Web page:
The screening criteria are conservative, and calculations are not required to establish suitability for continued service. Components do not need a further assessment of mechanical properties if they are assigned to an acceptable Heat Exposure Zone and there is no mechanical damage or dimensional deviation. The Heat Exposure Zone levels for the materials of construction that are acceptable per a Level 1 assessment are shown in Table 1.
Table 1. Description of Heat Exposure Zones to Evaluate Fire Damage
|Heat Exposure Zone||Description|
|I||Ambient temperature during fire event, no fire exposure|
|II||Ambient to 65oC (150oF), smoke and water exposure|
|III||>65oC to 205oC (>150oF to 400oF), light heat exposure|
|IV||>205oC to 425oC (>400oF to 800oF), moderate heat exposure|
|V||>425oC to 730oC (>800oF to 1350oF), heavy heat exposure|
|VI||>730oC (>1350oF), severe heat exposure|
Note: The source for this material is API 579-1/ASME FFS-1. Details of the damage that is likely to occur in each zone are described in this document.
Visual examination of the piping, components and surrounding areas affected by the fire is normally conducted as the first step in the assessment. Visual inspection can provide a variety of tools for estimating the fire damage or temperature exposure in different zones and is the first step to determine the severity and extent of heat damage.
To determine if the fire-exposed material suffered any softening or hardening due to microstructural degradation or changes during the fire (which would indicate a need for repair or replacement), hardness is usually measured with a portable hardness tester. G2MT Labs inspectors often uses a tool commercially known as a “Telebrineller” Brinell hardness tester. The Telebrineller method measures “bulk” hardness of the sample by pushing into the material and measuring the amount of denting at a given pressure. The resulting measurement includes a volume measurement incorporating the surface and a depth of 2-3 mm below the surface. Telebrineller measurements can indicate fire damage that extends beyond the surface “skin” of the metal being tested.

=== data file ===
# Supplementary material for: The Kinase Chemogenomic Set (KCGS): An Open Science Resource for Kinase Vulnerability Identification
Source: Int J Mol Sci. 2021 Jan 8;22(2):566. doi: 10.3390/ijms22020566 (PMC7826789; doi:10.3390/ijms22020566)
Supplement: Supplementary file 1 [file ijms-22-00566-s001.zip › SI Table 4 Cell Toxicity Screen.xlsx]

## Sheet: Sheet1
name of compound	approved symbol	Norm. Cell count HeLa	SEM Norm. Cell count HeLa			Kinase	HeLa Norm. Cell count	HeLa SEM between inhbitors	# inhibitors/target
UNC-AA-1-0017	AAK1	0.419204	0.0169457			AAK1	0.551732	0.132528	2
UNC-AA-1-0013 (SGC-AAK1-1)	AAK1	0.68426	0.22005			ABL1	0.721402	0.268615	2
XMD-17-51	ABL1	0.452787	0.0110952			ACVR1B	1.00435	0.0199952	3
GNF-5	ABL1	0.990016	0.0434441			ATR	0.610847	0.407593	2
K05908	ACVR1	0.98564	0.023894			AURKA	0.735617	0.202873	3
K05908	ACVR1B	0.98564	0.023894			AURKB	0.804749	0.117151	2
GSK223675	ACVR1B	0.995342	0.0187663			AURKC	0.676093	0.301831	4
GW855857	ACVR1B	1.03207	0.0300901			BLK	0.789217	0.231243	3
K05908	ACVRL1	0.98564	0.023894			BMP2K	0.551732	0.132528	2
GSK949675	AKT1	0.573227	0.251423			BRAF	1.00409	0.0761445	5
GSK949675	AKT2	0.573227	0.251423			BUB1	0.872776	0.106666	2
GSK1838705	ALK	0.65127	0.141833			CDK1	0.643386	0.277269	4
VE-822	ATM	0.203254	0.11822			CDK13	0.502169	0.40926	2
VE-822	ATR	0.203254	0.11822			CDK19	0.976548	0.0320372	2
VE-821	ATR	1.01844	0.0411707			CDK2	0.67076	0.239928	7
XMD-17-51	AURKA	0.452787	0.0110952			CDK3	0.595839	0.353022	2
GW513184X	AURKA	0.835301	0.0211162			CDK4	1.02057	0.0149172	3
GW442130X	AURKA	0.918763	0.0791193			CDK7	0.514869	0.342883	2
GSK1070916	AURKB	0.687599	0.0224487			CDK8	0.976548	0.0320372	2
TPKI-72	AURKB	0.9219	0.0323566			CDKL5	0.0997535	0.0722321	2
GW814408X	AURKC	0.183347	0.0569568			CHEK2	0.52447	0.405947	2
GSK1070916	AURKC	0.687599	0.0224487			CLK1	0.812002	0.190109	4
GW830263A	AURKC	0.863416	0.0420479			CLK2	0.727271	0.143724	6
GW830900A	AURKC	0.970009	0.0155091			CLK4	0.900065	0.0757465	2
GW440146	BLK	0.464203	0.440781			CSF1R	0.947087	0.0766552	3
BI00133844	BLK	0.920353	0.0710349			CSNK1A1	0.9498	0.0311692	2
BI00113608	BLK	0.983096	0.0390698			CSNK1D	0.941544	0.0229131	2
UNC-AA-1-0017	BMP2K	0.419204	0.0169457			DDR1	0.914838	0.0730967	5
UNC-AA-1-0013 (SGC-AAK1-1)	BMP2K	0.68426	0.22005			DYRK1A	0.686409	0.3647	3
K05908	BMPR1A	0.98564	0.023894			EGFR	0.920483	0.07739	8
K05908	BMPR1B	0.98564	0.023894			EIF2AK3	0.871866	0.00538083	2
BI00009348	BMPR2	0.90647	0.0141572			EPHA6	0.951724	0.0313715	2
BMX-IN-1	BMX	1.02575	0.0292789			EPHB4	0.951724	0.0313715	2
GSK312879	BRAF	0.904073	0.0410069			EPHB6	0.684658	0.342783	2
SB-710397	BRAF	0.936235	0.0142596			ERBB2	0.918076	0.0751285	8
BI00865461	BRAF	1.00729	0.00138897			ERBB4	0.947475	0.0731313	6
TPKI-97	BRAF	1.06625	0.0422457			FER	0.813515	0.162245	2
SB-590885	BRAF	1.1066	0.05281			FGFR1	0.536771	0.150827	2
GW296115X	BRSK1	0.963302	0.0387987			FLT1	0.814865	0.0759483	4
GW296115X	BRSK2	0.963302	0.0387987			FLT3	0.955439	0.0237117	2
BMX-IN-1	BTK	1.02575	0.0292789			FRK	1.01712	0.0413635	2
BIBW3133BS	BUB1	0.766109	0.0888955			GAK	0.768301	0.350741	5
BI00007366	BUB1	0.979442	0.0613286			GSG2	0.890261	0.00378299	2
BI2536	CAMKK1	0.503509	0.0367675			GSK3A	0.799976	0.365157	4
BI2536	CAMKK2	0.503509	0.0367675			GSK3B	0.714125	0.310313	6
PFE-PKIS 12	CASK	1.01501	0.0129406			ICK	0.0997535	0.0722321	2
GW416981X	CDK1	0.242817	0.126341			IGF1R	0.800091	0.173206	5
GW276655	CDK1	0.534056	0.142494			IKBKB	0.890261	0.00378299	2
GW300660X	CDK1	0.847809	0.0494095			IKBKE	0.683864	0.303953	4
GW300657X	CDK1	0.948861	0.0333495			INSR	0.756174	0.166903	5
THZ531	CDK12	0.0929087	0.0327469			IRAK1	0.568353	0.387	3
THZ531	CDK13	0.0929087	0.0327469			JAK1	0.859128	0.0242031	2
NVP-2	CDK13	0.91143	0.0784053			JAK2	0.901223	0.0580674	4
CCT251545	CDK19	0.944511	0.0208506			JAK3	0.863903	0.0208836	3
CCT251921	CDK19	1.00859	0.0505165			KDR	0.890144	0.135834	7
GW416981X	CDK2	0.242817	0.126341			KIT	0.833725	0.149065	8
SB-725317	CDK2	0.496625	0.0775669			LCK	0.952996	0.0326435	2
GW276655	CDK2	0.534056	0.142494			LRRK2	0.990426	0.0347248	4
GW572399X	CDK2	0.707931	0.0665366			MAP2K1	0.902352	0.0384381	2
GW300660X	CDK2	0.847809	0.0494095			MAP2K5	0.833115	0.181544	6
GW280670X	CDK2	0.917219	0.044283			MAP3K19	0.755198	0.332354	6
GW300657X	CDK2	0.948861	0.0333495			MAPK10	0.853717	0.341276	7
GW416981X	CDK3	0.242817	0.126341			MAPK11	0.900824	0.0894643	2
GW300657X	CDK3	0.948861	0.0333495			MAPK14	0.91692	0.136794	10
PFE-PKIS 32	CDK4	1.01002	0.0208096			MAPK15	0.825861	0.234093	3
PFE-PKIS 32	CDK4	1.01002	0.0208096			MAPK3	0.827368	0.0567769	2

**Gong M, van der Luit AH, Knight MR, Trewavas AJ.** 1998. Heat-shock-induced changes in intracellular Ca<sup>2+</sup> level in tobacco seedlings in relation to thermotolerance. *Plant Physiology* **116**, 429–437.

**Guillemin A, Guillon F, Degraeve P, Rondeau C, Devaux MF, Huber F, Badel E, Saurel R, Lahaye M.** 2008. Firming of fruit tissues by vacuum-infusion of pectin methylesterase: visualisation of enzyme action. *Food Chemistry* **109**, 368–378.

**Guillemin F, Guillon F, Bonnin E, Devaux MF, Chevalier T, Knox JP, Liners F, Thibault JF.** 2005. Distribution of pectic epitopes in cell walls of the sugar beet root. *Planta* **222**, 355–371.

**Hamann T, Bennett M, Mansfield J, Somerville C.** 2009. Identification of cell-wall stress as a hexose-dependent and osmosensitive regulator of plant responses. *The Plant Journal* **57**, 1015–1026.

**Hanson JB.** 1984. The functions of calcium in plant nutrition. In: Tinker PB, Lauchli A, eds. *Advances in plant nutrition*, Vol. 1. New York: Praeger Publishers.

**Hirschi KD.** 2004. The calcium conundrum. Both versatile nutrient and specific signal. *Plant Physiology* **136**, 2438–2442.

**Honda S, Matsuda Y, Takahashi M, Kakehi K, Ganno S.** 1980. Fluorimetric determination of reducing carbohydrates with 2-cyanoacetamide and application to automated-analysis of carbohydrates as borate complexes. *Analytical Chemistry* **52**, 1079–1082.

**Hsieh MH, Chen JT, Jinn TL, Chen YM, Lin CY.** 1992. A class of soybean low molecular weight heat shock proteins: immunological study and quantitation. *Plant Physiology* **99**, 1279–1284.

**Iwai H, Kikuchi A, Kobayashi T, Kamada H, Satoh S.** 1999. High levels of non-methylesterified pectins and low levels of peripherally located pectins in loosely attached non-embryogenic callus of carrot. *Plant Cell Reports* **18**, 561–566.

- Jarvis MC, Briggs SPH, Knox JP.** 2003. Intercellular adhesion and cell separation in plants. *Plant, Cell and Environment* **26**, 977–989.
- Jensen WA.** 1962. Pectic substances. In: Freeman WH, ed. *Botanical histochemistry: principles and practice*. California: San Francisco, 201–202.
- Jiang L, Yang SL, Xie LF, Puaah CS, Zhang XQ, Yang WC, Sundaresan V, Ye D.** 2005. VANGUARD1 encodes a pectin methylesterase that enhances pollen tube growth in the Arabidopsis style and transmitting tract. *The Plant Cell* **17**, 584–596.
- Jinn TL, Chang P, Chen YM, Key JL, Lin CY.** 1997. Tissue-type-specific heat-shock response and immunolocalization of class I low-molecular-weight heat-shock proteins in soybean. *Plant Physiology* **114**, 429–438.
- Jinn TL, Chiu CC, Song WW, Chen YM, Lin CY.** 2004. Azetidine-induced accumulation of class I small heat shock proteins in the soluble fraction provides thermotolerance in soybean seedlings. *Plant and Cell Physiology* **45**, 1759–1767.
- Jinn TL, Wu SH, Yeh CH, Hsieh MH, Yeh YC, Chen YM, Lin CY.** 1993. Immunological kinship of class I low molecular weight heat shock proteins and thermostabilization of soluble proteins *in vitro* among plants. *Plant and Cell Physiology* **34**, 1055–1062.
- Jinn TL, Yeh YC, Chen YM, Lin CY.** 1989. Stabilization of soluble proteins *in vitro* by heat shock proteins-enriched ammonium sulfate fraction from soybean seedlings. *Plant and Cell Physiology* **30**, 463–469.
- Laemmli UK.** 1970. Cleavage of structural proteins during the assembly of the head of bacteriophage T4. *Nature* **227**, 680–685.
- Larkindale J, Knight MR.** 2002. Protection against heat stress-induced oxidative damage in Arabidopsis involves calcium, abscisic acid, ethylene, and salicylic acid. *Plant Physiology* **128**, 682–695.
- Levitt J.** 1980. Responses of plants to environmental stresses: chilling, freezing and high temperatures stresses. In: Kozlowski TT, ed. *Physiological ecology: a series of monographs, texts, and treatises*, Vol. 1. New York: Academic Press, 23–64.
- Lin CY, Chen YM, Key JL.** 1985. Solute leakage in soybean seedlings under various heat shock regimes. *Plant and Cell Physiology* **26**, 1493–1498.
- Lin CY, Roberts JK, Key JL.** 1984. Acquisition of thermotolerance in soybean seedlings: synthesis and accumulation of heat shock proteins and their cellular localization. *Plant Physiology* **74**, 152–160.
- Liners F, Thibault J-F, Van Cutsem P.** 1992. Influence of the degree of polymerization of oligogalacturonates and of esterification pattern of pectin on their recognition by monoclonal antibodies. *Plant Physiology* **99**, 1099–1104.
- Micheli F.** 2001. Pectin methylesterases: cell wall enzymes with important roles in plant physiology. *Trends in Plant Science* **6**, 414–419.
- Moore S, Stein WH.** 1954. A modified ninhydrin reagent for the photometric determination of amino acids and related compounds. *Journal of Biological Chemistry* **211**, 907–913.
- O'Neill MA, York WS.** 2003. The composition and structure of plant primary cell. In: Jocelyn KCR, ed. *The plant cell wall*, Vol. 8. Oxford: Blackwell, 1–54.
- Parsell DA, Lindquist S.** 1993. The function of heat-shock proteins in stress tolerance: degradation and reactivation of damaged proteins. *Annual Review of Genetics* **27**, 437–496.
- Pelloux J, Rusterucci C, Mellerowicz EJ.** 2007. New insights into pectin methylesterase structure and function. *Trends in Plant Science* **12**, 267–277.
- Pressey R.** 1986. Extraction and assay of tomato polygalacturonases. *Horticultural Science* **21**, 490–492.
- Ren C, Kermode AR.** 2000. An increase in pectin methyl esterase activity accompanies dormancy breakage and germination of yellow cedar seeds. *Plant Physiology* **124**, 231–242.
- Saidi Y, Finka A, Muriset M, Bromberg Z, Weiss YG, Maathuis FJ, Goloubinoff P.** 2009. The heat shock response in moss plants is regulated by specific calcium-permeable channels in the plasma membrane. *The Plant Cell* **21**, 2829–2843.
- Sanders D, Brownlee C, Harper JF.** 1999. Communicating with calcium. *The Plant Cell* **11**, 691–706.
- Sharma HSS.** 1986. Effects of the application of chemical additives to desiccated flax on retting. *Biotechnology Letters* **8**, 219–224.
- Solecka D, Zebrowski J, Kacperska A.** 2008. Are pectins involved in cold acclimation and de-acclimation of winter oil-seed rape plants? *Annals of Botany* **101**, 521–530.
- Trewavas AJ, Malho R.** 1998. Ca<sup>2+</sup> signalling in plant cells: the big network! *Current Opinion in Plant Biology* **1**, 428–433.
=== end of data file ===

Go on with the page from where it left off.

Recommendations for Repair, Replacement, or Other Changes
Repairs to fire-damaged structures should provide the strength, fire resistance, durability and appearance appropriate to the proposed use and projected design life of the building. Fire-damaged structures are often capable of being repaired rather than replaced. Inspection experts can successfully assess fire-damaged structures using a range of forensic analysis techniques and specify well-informed repair solutions. As an alternative to demolition this can provide substantial savings in capital expenditure and also savings in consequential losses, by permitting earlier reuse and reoccupation of structures.
Finally, the results of the visual inspection, hardness testing, field metallographic replication, and other inspection efforts are analyzed using the API specifications. recommendations for repair, replacement, or other changes to the materials are provided. In some cases, risk-based inspection (RBI) or a mechanical integrity evaluation may be needed, and that can typically be performed in our laboratory within a few days.
The scope of work of fire damage assessment is typically:
- On site visit of the fire damage assessment team. We meet with the fire response team and perform a preliminary evaluation of the scope of the fire and associated damage.
- Interviews with personnel to determine the on-site conditions before and during the fire, along with possible cause of the failure.
- The heat exposure zones are identified based on API 579 FFS assessment guidelines. Visual inspection and NDE are often combined to complete the Level 1 FFS assessment.
- API 579 FFS Level 2 and Level 3 assessment is performed on anything which does not pass the Level 1 FFS inspection.
- Components may be shipped to our lab or tested on-site by FMR and other means. A inspection and testing plan will be devised based on the assessment of Level 1 and Level 2 FFS.
- Level 3 FFS is performed with our mechanical analysis and FEA partners to determine if components are safe for continued operation.